In retrospective, it would have been easier to use the forums to get my kids started but now that I know what to do, either way is fine but I have heard of some people having difficulties getting a signature guarantee. If you aren’t sure you can get one, just go the forum route. It’s simple and someone else does the work 🙂

Readers: Are you interested in getting your children setup with DRIP at an early age?

Image: Grant Cochrane /

13 Responses to "How To Transfer Shares To Your Kids"

  1. In Canada, this transfer will trigger the “attribution rules”, meaning that the parent willstill need to report and pay tax on the dividends received on the shares — assuming we’re talking about a minor child. The capital gain or loss may be OK, though one needs to check the last federal budget. Bottom line is: get tax advice first

    In US,there may be gift tax issues, though smaller gifts fall inside an exemption, at least for cash, I understand. Tax advice is needed there, too.

    1. The Passive Income Earner · Edit


      Thanks for pointing out the tax aspect. You are right that there are still taxes to take care of and it may complicate taxes for the parents but it should not prevent it from getting your kids started.

    1. The Passive Income Earner · Edit

      Definitely keep that in mind but don’t forget to have communication around it 🙂 otherwise it can be seen as just handing out money …

  2. American readers need to understand that gift to children need to be reported on a Form 709 if the amount in any year is $14,000 (the annual donee exclusion for 2013, which is adjusted for inflation).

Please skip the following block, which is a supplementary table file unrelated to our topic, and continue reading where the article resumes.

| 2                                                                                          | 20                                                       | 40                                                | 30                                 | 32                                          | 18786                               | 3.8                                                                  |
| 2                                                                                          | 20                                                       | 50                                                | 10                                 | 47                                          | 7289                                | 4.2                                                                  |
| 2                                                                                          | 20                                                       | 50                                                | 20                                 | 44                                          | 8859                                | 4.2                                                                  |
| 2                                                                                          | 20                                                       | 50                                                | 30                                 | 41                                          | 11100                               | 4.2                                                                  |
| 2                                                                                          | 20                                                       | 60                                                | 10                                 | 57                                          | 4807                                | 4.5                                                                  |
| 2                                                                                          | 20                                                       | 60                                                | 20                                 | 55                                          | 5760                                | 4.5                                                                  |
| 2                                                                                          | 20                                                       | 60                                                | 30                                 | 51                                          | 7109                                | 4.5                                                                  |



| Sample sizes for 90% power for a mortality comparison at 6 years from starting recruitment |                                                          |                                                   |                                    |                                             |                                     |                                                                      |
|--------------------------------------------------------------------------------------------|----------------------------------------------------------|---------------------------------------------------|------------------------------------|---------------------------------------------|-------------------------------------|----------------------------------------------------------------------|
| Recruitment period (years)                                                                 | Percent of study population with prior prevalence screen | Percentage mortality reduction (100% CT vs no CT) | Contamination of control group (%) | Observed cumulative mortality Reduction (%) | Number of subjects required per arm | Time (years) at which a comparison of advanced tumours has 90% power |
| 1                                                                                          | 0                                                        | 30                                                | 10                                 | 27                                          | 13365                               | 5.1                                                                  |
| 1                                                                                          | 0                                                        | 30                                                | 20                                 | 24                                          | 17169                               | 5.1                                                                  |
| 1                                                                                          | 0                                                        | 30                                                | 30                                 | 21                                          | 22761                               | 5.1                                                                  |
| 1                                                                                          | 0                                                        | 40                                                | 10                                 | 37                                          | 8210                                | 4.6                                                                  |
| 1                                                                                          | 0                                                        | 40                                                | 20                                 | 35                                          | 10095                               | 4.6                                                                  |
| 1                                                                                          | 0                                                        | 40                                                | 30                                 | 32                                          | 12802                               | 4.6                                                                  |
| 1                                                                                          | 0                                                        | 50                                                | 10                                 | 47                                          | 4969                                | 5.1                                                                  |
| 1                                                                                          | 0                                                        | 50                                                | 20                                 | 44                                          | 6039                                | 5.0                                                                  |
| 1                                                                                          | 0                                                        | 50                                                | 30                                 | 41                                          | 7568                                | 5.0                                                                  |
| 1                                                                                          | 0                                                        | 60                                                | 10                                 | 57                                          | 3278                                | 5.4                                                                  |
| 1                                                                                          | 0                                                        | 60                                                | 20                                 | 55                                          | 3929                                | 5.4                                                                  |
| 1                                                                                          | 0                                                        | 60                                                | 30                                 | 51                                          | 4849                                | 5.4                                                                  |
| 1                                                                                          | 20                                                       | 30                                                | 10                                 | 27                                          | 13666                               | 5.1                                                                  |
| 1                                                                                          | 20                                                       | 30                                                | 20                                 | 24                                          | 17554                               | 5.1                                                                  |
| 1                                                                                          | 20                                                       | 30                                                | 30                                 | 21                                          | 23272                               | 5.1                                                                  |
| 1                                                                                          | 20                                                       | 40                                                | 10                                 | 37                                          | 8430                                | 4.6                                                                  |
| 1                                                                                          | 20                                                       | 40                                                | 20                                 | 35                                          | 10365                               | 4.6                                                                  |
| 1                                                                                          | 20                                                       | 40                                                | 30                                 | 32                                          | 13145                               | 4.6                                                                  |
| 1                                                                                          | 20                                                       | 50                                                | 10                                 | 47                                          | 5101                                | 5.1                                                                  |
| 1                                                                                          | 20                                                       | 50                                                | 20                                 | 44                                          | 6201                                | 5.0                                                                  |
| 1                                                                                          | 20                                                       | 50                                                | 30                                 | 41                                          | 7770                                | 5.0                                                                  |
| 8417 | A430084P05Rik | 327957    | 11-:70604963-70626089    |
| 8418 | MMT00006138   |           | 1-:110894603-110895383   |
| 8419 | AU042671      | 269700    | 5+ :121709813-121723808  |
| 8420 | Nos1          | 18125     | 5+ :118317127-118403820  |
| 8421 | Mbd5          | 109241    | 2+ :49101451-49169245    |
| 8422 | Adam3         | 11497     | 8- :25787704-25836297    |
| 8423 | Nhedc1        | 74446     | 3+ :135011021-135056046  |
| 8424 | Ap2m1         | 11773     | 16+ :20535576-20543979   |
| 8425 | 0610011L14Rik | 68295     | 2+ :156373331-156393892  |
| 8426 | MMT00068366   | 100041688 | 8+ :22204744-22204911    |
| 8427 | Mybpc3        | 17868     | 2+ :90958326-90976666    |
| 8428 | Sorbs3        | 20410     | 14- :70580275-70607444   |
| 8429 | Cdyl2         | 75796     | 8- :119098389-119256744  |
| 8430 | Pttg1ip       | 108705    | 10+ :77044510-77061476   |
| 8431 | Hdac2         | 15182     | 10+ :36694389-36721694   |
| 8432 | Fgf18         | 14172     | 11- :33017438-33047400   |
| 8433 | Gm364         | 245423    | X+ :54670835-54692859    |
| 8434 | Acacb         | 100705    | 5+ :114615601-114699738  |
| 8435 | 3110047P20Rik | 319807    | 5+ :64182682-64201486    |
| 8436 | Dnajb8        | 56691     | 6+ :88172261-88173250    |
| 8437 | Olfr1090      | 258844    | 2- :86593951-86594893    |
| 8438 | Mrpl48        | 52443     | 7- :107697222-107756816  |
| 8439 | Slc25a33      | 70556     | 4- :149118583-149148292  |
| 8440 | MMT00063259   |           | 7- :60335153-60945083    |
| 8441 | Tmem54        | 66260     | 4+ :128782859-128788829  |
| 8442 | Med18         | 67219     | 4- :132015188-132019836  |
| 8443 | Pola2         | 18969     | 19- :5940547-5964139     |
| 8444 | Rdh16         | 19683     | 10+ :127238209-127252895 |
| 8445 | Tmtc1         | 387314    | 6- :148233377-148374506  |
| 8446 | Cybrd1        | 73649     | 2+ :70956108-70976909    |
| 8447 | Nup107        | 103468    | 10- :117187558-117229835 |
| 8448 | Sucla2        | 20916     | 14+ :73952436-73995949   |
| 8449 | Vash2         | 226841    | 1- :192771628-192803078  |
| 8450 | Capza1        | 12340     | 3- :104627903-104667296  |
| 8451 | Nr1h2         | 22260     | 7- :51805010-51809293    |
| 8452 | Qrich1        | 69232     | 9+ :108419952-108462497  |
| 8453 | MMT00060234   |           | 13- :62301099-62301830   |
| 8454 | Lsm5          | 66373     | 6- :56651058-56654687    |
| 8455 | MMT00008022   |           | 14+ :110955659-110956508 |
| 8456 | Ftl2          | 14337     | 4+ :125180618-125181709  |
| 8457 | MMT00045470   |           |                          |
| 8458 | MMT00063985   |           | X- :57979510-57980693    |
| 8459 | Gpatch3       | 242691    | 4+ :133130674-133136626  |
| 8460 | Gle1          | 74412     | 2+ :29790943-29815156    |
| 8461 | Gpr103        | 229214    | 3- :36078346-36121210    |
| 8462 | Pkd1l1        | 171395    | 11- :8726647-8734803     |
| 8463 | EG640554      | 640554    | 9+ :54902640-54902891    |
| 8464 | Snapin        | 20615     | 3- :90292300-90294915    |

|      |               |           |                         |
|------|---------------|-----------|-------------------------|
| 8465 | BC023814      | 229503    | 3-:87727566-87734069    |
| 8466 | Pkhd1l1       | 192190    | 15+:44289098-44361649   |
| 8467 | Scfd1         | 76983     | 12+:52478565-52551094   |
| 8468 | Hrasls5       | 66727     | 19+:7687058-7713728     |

Secondly, giving gifts to children either outright or via a Uniform Gift to Minors statute may not be the right thing to do. In some cases a creation of a trust for their benefit is better way to go and allows the maker of the trust to put better controls over such assets and the child beneficiary. This is part of estate planning and getting with an experienced estates attorney would be a good thing to get wills, trusts, durable powers of attorney, living wills in place.

    1. @David

      It depends on their age … As adults they will pay taxes but you need to validate with a tax accountant as it can depends on where the money comes from. As kids, it’s usually your money so you have to declare the income. If you have a more complicated situation where the kids actually earn money and you them to pay taxes, you should talk to an accountant about it.

      The rule of thumb is that any money you give for investing is taxed in your name unless you are making donations … Even the money you would give to your spouse. Just keep that in mind.

      For more details, I would ask a tax accountant as you often need paperwork to prove things.

  3. My mother had some Daimler Chrysler shares which she got from my father when he died
    Since they were spouses there was no capital gains to consider

    She sold them last year near the peak, and will now have cap gains but she is retired so it won’t be so bad
    But now I’m wondering if she have just transferred them to family members to avoid cap gains entirely
    Can the cap gains be avoided forever by transferring shares to family members?